The coffee I grew up on was served in a three-inch steel glass stacked in a katori or small vessel. Habitually spilling it into this little plate, I’d anticipate a faster cooling as I waited to enjoy the flavour and rush. Filtered coffee, as the name suggests, is made by brewing freshly ground coffee over a metal filter or paper funnel and adding a dash of boiling hot milk from a height to achieve a bubbling froth,
5. Frappé – Greece
The image of a chilled glass of palatable coffee, drenched in its own condensation immediately springs to mind, right? Life without this drink seems incomplete. But did you know that the “authentic Frappe” was never meant to exist, but was invented unintentionally? While in Greece one day, the brand manager of Nestlé chose to mix cold water with coffee in a shaker due to unavailability of hot water. (So necessity really is the mother of invention!) Though the word “Frappé” is used in French to denote a slush in the country, the same-name beverage of Greek origin denotes a different style of making coffee!
6. Irish Coffee – Ireland
Talk about tweaking. Supplementing hot coffee with cold cream, whiskey, and sugar, Irish coffee absolutely transcends the beverage game. The idea was fostered by Chef Joe Sheridan on a cold winter night, when looking to warm up his customers he added Irish whiskey to their coffee and topped it with cream. So literally and historically speaking, for those days when you need a little extra, this coffee drink is all your wishes coming true!
7. Kaisermélange – Austria
Kaisermélange is one of the most richly textured coffees of the world, concocted with a shot of espresso, egg yolk, and cream. It is traditionally bound together by Cognac or rum. It’s a no-brainer as to why its name translate to “Emporer’s Melange”, right? Can you imagine the flavour profile of freshly ground beans merging with the soft dull flavours of a creamy top? Ironically, though, this Viennese delicacy is hardly found in coffee shops of its origin city itself anymore.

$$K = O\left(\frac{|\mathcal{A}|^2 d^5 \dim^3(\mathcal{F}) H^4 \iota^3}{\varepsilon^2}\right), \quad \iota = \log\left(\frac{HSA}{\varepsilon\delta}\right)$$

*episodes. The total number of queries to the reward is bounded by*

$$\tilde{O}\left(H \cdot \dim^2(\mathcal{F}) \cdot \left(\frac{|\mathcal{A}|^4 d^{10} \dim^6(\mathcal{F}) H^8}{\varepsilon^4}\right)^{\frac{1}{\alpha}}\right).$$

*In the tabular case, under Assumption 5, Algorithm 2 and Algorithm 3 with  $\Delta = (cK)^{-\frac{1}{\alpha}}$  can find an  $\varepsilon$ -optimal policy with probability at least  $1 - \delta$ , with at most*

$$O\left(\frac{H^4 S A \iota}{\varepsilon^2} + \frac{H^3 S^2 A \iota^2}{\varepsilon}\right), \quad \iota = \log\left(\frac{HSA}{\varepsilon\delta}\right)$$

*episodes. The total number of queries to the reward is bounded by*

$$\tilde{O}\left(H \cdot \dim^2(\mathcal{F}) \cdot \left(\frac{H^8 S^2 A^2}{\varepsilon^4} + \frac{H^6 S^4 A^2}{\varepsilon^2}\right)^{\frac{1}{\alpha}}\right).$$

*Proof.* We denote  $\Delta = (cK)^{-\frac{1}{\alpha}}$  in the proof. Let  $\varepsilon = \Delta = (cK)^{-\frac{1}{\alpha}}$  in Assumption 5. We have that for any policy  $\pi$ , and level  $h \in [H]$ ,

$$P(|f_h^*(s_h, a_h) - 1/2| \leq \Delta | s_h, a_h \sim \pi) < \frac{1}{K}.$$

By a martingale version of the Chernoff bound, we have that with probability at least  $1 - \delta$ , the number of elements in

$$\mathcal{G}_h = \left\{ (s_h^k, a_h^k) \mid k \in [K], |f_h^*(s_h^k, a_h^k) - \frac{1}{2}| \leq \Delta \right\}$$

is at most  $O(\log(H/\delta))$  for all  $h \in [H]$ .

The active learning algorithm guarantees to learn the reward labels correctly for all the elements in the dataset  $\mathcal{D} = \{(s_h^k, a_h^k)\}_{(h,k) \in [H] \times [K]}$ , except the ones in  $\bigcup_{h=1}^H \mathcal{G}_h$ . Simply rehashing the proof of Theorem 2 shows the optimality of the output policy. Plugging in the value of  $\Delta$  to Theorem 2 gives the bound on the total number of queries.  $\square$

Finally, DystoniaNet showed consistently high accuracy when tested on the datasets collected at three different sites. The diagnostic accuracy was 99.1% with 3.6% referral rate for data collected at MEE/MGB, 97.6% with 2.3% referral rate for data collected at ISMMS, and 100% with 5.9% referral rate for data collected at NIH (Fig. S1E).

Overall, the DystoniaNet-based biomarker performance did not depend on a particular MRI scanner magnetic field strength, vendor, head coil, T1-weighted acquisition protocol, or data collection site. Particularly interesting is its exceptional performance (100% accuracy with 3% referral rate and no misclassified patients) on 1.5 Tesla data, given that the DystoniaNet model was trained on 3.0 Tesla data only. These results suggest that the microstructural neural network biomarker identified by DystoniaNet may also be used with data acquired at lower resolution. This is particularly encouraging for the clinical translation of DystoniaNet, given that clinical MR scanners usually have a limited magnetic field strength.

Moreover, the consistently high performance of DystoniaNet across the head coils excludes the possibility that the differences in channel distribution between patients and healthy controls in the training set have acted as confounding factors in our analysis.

8. Mazagran – Algeria
Probably the first ever iced coffee, this caffeinated fix finds many variations across different cultures. The original cold beverage was birthed by French troops in Algeria. Like so many other extraordinary things of that time, this coffee was made by pouring hot espresso coffee over chilled ice! The popular Portuguese variation of having the Mazagran is with a mix of lemon juice and ice. This does a splendid job of bringing out the bitter notes of coffee with a complement of sourness. The Austrians, on the other hand, like to perk it up with a dash of rum to supplement the cold brew flavour.
9. Türk Kahvesi – Turkey
Turkish coffee is known for its strong acidic notes, which brew from the fact that it is drunk unfiltered. Yes, that means coffee grains settling at the bottom of the cup after being aggressively boiled in a brass pot (called cezve). A traditional cup of Turkish coffee usually hints at flavours of spice and sugar, and is so strong that it might not be everyone’s cup of tea!
10. Qahwa – Saudi Arabia
If you think that coffee isn’t an experience in itself, the Arabic are here to change your mind. Traditionally served with dates or chocolates, Qawha is a prominent sign of Arabian hospitality. Nothing less than a drink of the Gods, Arabic coffee is replete with notes of spices like cloves, cardamom, saffron, cinnamon (and splendour). Did you know that the word ‘coffee’ originated from the word qahwa? It means strength.
Trying to stay safe at our homes has been tough for us all, but I hope this contributes to the little ways in which we are all trying to keep our global spirit alive! If there’s a coffee style you would like to talk about, share it in the comments or write to me!